Google and payment processing companies are going after for-profit websites that post publicly available arrest photographs and then (in many cases) charge up to $1,000 to have them removed. But changing Google search to stop showing mugshot sites near the top of the results could end up causing collateral damage to some news sites that also post booking photos to draw traffic and ad revenue, though news outlets don’t charge to remove the pictures.

There isn’t a firm estimate of the number of news organizations that have mugshot websites, but Matt Waite, a journalism professor at the University of Nebraska-Lincoln who helped launch one of the first mugshot websites at The Tampa Bay Times, said he fielded many calls from publishers wanting to create them.

Most of them, he said, are looking for the traffic that the sites bring, though there is a public service component to publishing mugshots that dates all the way back to the Revolutionary War. The British used to arrest people in secret, and the public would never know who was arrested or why. Rebel colonists changed that by publishing the names of those who were wanted or were arrested. But never could they have imagined what’s now being done with these records in the digital age.

“I would fully expect Google to take them out as well if they haven’t already,” Waite said of mugshot websites run by news outlets. “Not only that, I would question why a news organization had these things being indexed in Google in the first place. If you truly ascribe to a standard of ethical practice, there’s really not an argument out there to have these things indexed in Google.”

After being contacted by The New York Times for a story it published earlier this month on the practice of extorting money to remove arrest photos and records from mugshot websites, officials at MasterCard and PayPal announced that they would stop processing payments for the sites. Representatives at Google, who said they’d been examining the issue for months, changed their algorithm last Thursday, making mugshot websites less prominent in search results. The latter change is the one that causes concern to some news organizations.

“Unfortunately, pageviews remain the coin of the realm, and these mugshot websites are pageview machines at almost no cost,” said Waite. “If this were 10 years ago, I would say no big deal. This is a minor thing, and who cares. But unfortunately, now, any loss in revenue is going to be hurtful.”

Greg Rickabaugh, a former police reporter for The Augusta (GA) Chronicle, has published a successful string of newspapers and mugshot websites in Georgia, South Carolina, and California since 2009. Rickabaugh said he has noticed a slight drop in traffic to his sites in the last few days but didn’t know whether to attribute that to Google’s algorithm change. “It may be too early to tell,” said Rickabaugh. “I just wish they could target those that exploit people, not sites like mine that publishes actual editorial content.” Rickabaugh said his company does not charge to remove mugshots, “and we even inform people in how to contact Google to have cached versions of their photographs removed,” he added.

Rickabaugh’s business model proved popular enough to spur his former employer to launch its own mugshot websites—three of them. The Chronicle (where I used to cover cops and government) declined to discuss the sites.

The Journal Star, out of Lincoln, NE, also hosts a mugshot site. Each night, the Journal Star receives an inventory of mugshots from the sheriff’s department, said Editor Dave Bundy. He doesn’t know whether his paper indexes the mugshots with Google or any other search engine (that’s a question best answered by the IT department, he said), but Bundy said new inventory of mugshots overrides the previous night’s batch. In other words, he said, there’s no searchable database for the pictures, unless the paper runs the mugshot with a story.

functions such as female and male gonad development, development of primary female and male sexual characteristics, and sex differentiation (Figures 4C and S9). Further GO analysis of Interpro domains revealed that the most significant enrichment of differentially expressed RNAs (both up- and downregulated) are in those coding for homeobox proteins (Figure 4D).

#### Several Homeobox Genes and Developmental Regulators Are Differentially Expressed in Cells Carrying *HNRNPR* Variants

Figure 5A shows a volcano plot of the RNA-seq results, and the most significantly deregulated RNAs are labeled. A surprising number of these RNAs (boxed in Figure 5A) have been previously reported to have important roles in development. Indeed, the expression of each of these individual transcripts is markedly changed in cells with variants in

Unlike other newspapers that operate mugshot websites, Bundy said the Journal Star does not publish end-of-the-month mugshot galleries and does not store the images.

“Ours is different from sites run by other papers, including sister papers within Lee Enterprises,” he added. “We think that it feels slightly less exploitative this way.”

The Tampa Bay Times publishes booking photos as a public service, but the paper has never indexed arrest photos with Google, intentionally choosing to block the search engine’s bots. Publishers have always had that ability, they’ve just chosen not to use it because “they want the traffic,” said Waite. The Times also chooses to delete all images after 60 days, about the time it takes for a case to be adjudicated, Waite added, especially when criminal charges could change, a person is found innocent, or a case is dismissed.

“If your Web application does not reflect the current reality, then you are wrong,” Waite said. “You are publishing knowably false things, and by doing so you are harming people. I have not yet seen a mugshot application that follows each and every case through adjudication and the only [images] that remain in [the system] are of people who have been found guilty. The reason that doesn’t exist is because it is exceedingly hard.”

To do it the right way, Waite said, would mean that mugs would disappear the instant that charges are dropped, cases are thrown out or persons are found innocent. “There doesn’t exist a system where that is possible,” he said.

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Tracie Powell writes about the media and media policy, specifically on issues regarding piracy, media ownership, government transparency and the business of journalism. A graduate of Georgetown University Law Center, she lives in Washington, DC. She has contributed to Poynter, NPR, and Publica, the first nonprofit investigative journalism center in Brazil.